5. Jonathan – Thank you for your very thoughtful read and comment. As a “survivor” myself, I approach this topic very carefully with clients. It can’t be an off-the-cuff cavalier statement “Oh, just let it go already,” but nor do I spend too much time with them digging through the old steamer trunk they have carried around with them for decades. (As did I.) I’m careful not to take on the role of therapist. I’m not there to “solve” the past. It’s a balance. My role as coach is to help them turn in the seat and face forward. It doesn’t mean ignoring the past; it means using it as a springboard for different, better, more.

  6. Dear Jeff, yours was a very thought-provoking message and I appreciate you explaining the significance of letting go of the past.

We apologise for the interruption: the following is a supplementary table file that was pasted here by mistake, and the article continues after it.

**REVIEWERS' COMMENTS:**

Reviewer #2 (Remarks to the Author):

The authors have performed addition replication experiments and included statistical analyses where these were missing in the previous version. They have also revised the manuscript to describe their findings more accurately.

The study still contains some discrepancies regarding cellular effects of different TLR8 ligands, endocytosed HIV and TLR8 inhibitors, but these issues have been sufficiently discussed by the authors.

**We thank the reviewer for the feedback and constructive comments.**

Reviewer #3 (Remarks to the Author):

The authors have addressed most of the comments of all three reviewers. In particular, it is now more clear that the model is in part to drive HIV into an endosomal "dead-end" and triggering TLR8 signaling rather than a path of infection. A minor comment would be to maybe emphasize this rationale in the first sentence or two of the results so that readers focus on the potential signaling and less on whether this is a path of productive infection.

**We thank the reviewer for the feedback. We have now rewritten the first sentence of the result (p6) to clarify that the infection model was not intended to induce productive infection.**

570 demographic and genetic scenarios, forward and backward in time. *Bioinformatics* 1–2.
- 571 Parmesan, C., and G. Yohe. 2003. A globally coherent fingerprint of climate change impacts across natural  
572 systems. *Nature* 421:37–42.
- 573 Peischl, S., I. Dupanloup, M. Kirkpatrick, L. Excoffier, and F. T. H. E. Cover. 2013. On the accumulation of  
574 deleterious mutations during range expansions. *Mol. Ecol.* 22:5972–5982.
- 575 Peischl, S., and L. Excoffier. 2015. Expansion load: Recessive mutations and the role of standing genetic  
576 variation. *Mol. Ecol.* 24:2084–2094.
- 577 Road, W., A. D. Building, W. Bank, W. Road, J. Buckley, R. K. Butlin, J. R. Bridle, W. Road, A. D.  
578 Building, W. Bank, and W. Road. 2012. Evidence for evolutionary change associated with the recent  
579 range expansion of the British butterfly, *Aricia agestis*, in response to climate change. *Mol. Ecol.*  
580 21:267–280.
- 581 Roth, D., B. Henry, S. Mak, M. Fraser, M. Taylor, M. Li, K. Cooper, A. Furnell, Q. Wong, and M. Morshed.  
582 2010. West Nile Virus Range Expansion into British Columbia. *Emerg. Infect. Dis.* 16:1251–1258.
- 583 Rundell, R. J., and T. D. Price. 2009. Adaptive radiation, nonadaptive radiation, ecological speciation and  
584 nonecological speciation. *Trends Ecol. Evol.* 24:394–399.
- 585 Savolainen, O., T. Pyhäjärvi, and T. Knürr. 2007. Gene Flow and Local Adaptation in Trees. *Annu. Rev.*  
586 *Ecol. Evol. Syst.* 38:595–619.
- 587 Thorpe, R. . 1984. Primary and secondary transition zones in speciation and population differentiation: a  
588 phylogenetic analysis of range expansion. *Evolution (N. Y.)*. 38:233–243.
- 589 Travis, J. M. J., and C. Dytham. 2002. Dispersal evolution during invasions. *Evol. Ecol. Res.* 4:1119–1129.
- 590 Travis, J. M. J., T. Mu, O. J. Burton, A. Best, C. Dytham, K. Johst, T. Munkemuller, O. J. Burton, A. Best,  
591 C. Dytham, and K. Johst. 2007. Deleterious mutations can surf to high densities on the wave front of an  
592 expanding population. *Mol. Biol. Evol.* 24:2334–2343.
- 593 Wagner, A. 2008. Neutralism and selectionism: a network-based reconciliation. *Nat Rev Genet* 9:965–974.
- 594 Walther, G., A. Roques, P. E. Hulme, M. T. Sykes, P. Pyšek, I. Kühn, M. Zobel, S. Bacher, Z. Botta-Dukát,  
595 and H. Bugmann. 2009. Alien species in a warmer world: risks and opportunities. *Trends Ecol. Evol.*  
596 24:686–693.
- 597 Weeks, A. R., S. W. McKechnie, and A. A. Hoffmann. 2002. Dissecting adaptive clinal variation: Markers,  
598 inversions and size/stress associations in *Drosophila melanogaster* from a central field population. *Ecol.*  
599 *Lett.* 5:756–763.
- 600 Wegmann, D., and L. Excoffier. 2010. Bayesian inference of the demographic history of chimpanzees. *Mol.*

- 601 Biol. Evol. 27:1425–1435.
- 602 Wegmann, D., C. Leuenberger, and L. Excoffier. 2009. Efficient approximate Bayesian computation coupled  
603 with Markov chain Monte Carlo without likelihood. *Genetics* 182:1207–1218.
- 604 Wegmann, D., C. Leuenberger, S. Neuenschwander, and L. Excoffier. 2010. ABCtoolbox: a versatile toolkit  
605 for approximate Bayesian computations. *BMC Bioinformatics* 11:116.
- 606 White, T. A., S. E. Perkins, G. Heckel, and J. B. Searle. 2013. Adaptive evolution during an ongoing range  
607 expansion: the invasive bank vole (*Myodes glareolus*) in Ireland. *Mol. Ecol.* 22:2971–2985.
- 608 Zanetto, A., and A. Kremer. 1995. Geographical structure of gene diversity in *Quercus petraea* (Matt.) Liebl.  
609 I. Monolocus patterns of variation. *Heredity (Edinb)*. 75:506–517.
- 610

Just a few personal reflections : Over the years of interaction with people, who are now termed as ‘survivors’, advising them to let go of the past is actually a very painful task and is not easy. It is difficult for them to understand this seeming cliché, especially when they have lost everything…..BUT…… helping them to ‘gather their past (incl. the good bad and the ugly), appreciate their memories, learn from them while helping them to be thankful for life entrusted to them and to be a better person, and generate hope for the Today in their life, has enabled them to ‘climb onto the raft of creative possibility”.

    “Holding on is believing that there’s a past; letting go is knowing that there’s a future.” Daphne Rose Kingma

    “Let go of the past, but keep the lessons it taught you.” Chiara Gizzi

    “Why let go of yesterday? Because yesterday has already let go of you.” Steve Maraboli